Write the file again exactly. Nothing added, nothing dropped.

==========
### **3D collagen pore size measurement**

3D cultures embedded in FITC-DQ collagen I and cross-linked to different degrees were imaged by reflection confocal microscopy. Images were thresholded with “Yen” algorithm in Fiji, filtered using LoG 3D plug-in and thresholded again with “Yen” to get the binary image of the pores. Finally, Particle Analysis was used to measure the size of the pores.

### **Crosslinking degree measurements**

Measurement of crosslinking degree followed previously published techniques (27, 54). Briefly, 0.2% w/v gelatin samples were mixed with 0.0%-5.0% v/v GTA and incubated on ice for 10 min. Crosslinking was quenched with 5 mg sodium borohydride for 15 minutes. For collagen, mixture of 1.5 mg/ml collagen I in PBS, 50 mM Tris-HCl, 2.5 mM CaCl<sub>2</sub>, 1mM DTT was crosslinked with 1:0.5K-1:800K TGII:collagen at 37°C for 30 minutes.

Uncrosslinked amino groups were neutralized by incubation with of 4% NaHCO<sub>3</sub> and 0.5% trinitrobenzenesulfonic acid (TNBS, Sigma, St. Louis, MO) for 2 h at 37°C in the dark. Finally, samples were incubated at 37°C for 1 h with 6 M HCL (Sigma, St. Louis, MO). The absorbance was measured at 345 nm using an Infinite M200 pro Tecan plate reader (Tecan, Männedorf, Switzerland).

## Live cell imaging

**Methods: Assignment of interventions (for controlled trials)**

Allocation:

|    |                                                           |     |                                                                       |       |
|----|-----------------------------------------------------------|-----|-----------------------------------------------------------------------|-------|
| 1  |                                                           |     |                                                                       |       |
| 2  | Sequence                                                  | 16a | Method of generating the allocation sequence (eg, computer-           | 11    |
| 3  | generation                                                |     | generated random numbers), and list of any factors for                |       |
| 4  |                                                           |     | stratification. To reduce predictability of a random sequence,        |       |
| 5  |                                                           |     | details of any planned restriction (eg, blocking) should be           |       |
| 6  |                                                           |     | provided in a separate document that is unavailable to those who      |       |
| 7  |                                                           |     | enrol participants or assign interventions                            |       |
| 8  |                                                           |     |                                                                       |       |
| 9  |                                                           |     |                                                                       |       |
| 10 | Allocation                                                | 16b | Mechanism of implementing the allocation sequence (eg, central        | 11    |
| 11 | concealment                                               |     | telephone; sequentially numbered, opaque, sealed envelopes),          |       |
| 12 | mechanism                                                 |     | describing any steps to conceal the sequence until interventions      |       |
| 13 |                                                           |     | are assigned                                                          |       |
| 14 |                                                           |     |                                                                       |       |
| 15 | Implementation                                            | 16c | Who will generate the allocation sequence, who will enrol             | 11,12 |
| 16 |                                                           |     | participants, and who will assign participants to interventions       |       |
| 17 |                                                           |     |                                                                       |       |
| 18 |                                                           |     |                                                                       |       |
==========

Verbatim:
### **3D collagen pore size measurement**

3D cultures embedded in FITC-DQ collagen I and cross-linked to different degrees were imaged by reflection confocal microscopy. Images were thresholded with “Yen” algorithm in Fiji, filtered using LoG 3D plug-in and thresholded again with “Yen” to get the binary image of the pores. Finally, Particle Analysis was used to measure the size of the pores.

### **Crosslinking degree measurements**

Measurement of crosslinking degree followed previously published techniques (27, 54). Briefly, 0.2% w/v gelatin samples were mixed with 0.0%-5.0% v/v GTA and incubated on ice for 10 min. Crosslinking was quenched with 5 mg sodium borohydride for 15 minutes. For collagen, mixture of 1.5 mg/ml collagen I in PBS, 50 mM Tris-HCl, 2.5 mM CaCl<sub>2</sub>, 1mM DTT was crosslinked with 1:0.5K-1:800K TGII:collagen at 37°C for 30 minutes.

Uncrosslinked amino groups were neutralized by incubation with of 4% NaHCO<sub>3</sub> and 0.5% trinitrobenzenesulfonic acid (TNBS, Sigma, St. Louis, MO) for 2 h at 37°C in the dark. Finally, samples were incubated at 37°C for 1 h with 6 M HCL (Sigma, St. Louis, MO). The absorbance was measured at 345 nm using an Infinite M200 pro Tecan plate reader (Tecan, Männedorf, Switzerland).

## Live cell imaging

**Methods: Assignment of interventions (for controlled trials)**

Allocation:

|    |                                                           |     |                                                                       |       |
|----|-----------------------------------------------------------|-----|-----------------------------------------------------------------------|-------|
| 1  |                                                           |     |                                                                       |       |
| 2  | Sequence                                                  | 16a | Method of generating the allocation sequence (eg, computer-           | 11    |
| 3  | generation                                                |     | generated random numbers), and list of any factors for                |       |
| 4  |                                                           |     | stratification. To reduce predictability of a random sequence,        |       |
| 5  |                                                           |     | details of any planned restriction (eg, blocking) should be           |       |
| 6  |                                                           |     | provided in a separate document that is unavailable to those who      |       |
| 7  |                                                           |     | enrol participants or assign interventions                            |       |
| 8  |                                                           |     |                                                                       |       |
| 9  |                                                           |     |                                                                       |       |
| 10 | Allocation                                                | 16b | Mechanism of implementing the allocation sequence (eg, central        | 11    |
| 11 | concealment                                               |     | telephone; sequentially numbered, opaque, sealed envelopes),          |       |
| 12 | mechanism                                                 |     | describing any steps to conceal the sequence until interventions      |       |
| 13 |                                                           |     | are assigned                                                          |       |
| 14 |                                                           |     |                                                                       |       |
| 15 | Implementation                                            | 16c | Who will generate the allocation sequence, who will enrol             | 11,12 |
| 16 |                                                           |     | participants, and who will assign participants to interventions       |       |
| 17 |                                                           |     |                                                                       |       |
| 18 |                                                           |     |                                                                       |       |